The Diamond District in New York City

“When the two biggest natural resources in the country are flowing towards those two counterparties, the two counterparties usually have a vested interest in getting to know one another,” Richard Marin, former CEO of Africa Israel USA, said of Leviev and Pa. “And so they did. There was a good relationship.”

But when the financial crisis hit, Leviev’s global conglomerate was brought to its knees. Desperate for funds, Leviev put his New York real estate holdings on the market. Pa stepped forth as an eager buyer.

In August 2008, China Sonangol signed a memorandum of understanding to pay $150 million for 23 Wall, another $150 million for a 49.9 percent stake in the Clock Tower at 5 Madison Avenue and $50 million for a 49 percent stake in the former New York Times building at 229 West 43rd Street, according to a report by the U.S.-China Economic and Security Review Commission. The deals for Clock Tower and the Times building never closed, but the 23 Wall deal went through in November 2008, property records show.

“A New York developer probably wouldn’t have paid $150 million for it,” Marin, who joined Africa Israel after the deal, said, chuckling. (Marin was fired by Africa Israel in December 2010 and later sued the firm). “For a foreigner that has a lot of cash flooding its coffers every day, it probably didn’t sound like the stupidest thing in the world,” he noted. “It wasn’t like buying swampland in New Jersey, you know.”

Why would Pa overpay for a Wall Street property two months after Lehman Brothers went under? According to one theory put forward by several sources, China Sonangol was raking in so much money from its Angolan oil fields that any half-decent investment to put those profits to use would do.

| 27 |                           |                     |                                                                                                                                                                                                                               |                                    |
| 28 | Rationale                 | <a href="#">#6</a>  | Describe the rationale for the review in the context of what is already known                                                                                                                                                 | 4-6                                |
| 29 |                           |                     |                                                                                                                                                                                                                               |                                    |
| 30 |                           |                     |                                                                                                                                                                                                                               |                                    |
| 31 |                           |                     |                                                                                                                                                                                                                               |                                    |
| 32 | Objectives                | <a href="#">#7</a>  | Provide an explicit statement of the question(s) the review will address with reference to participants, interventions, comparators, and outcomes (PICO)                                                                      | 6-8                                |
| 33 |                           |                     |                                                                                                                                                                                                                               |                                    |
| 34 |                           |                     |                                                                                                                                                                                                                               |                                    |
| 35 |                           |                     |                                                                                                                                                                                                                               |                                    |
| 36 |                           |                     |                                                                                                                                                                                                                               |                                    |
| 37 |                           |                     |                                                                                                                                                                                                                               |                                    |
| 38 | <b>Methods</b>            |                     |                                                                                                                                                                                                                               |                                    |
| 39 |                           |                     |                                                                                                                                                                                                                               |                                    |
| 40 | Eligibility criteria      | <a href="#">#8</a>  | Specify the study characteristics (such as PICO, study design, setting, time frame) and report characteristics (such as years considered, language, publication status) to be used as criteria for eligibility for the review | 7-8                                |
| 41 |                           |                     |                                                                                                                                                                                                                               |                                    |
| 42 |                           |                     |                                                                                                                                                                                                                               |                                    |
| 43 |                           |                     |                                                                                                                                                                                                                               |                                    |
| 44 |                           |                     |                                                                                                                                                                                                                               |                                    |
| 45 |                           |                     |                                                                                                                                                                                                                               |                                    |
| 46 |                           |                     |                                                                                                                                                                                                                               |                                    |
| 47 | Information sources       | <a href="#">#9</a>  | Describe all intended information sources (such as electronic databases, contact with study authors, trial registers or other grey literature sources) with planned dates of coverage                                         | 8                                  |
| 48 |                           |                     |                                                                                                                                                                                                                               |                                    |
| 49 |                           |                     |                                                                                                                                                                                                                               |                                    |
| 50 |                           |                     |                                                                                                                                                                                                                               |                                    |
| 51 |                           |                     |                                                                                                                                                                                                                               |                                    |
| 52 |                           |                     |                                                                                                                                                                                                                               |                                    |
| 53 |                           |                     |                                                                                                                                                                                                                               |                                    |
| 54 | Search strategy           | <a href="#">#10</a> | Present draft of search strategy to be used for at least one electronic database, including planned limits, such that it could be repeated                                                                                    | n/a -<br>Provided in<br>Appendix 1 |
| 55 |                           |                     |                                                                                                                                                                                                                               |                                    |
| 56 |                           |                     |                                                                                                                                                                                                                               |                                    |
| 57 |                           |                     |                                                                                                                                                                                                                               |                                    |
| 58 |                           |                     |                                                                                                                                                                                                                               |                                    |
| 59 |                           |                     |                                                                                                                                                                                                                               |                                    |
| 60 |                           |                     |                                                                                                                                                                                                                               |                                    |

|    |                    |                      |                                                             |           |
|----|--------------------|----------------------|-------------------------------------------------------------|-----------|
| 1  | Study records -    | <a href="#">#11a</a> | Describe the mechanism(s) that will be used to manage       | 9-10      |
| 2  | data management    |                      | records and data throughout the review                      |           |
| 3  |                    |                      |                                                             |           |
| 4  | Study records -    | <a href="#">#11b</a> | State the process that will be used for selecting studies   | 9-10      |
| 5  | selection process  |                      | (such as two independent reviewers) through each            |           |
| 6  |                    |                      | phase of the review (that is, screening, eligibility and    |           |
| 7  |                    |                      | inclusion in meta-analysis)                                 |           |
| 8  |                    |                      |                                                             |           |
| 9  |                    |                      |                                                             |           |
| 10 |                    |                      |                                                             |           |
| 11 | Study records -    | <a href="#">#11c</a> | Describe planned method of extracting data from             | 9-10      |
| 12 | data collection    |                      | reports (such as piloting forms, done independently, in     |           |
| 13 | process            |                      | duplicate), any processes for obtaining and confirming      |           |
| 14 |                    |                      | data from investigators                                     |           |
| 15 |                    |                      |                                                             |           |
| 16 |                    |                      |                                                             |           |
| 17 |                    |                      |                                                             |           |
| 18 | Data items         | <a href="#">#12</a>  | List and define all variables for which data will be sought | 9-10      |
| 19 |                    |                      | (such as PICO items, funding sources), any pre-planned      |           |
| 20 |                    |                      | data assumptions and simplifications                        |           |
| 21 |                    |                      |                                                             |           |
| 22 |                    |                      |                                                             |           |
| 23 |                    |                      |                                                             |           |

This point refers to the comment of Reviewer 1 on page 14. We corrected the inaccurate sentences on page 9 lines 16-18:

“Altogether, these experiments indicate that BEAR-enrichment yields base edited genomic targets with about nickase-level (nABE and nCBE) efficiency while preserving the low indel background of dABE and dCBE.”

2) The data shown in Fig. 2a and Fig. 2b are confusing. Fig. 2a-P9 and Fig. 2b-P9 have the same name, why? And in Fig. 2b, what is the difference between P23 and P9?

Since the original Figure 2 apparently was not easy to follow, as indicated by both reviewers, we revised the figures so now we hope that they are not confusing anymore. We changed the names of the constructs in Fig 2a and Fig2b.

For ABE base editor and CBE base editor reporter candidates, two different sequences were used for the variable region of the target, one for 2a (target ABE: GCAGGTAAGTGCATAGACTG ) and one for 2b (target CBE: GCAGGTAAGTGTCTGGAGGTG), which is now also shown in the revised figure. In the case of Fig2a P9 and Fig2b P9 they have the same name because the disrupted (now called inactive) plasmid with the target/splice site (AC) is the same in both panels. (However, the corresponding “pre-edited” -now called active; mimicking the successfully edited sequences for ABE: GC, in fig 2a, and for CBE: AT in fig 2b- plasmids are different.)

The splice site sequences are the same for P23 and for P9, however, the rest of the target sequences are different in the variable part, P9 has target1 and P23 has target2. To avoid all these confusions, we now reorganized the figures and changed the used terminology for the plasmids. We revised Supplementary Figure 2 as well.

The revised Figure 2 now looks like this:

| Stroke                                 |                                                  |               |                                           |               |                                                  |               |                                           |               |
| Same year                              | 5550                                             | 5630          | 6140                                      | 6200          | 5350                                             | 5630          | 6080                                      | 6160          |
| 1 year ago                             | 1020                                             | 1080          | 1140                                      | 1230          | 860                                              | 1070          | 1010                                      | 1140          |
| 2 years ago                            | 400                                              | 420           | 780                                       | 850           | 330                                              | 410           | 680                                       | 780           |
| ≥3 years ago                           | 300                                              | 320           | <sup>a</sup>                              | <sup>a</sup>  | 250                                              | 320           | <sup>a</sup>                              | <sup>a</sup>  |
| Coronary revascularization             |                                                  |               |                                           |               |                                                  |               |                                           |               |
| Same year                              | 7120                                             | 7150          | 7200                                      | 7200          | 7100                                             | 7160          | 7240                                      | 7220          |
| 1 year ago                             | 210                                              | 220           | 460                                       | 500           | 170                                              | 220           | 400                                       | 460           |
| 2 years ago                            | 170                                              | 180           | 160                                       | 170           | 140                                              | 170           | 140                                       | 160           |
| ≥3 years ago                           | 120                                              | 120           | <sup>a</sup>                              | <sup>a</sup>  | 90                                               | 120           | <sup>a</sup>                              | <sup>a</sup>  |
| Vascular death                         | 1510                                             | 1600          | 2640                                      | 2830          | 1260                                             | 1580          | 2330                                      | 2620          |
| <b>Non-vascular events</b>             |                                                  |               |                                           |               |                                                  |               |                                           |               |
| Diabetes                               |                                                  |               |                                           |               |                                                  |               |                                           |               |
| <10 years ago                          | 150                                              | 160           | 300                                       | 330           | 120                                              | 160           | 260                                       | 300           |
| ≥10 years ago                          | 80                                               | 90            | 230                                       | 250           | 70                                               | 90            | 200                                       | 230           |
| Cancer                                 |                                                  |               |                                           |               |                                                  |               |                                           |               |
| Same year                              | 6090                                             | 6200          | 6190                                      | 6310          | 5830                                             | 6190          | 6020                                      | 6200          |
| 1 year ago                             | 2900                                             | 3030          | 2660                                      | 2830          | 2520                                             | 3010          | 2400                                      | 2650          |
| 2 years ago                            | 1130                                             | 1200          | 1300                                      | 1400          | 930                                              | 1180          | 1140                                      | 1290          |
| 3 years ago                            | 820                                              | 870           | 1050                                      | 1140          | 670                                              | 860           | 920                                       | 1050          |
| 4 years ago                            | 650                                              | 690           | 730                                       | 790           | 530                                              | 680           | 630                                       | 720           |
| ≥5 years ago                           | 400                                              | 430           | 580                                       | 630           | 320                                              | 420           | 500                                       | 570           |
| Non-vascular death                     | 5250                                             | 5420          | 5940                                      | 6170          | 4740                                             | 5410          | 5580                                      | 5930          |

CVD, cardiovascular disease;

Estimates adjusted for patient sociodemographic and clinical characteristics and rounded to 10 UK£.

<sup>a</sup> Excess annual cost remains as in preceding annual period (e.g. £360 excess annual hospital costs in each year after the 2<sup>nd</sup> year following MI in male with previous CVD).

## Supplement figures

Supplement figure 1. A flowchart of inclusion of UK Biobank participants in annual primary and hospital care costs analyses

“They were just stashing money,” a source said.

But maybe China Sonangol didn’t understand what it was buying. According to Marin, the firm’s executives visited the property for the first time about a year after the purchase. Ted Bulow, a middleman between Chinese and American investors who later talked to China Sonangol about a potential sale of the building, made an even more remarkable claim: An employee of the firm told him the bosses thought they were buying the 50-story Clock Tower, not the four-story 23 Wall. Jona Rechnitz, who served as Africa Israel USA’s head of acquisitions and dispositions at the time of the sale, told the New York Post the same thing. Rechnitz did not respond to several requests for comment.

When viewed in isolation, the 23 Wall deal seems bizarre. But it was just one of many transactions between Leviev and Pa.

A week before China Sonangol signed a memorandum of understanding to buy the Wall Street property, Leviev and two of his companies bought a minority stake in a natural resources company controlled by Pa’s group, according to the commission’s report. And Pa’s group bought Leviev’s stake in the Catoca mine in Angola for $400 million in 2011.

By that time, Pa had gotten to know the brutal regime of Robert Mugabe in Zimbabwe. Mugabe had ruled the Southern African country since its independence from white minority rule in 1980, but in the late 2000s his grip on power had started to weaken. In February 2009, his party was forced to invite the opposition into a coalition government and lost control of the finance ministry. So Mugabe turned to diamonds to fund his secret police, creating a de facto parallel government, according to a report by advocacy group Global Witness.

Pa paid Mugabe’s Central Intelligence Organization a large sum of cash and delivered 200 Nissan pickup trucks, according to the report. Around the same time, a Pa-controlled company landed a stake in the Marange diamond fields in the country’s Manicaland province.

He tapped Leviev for his mining expertise. In early 2011, a mining company controlled by Leviev sampled the Marange fields on behalf of Pa’s group, according to Global Witness. The advocacy group notes it found no evidence Leviev knew about Pa’s support for Mugabe’s secret police.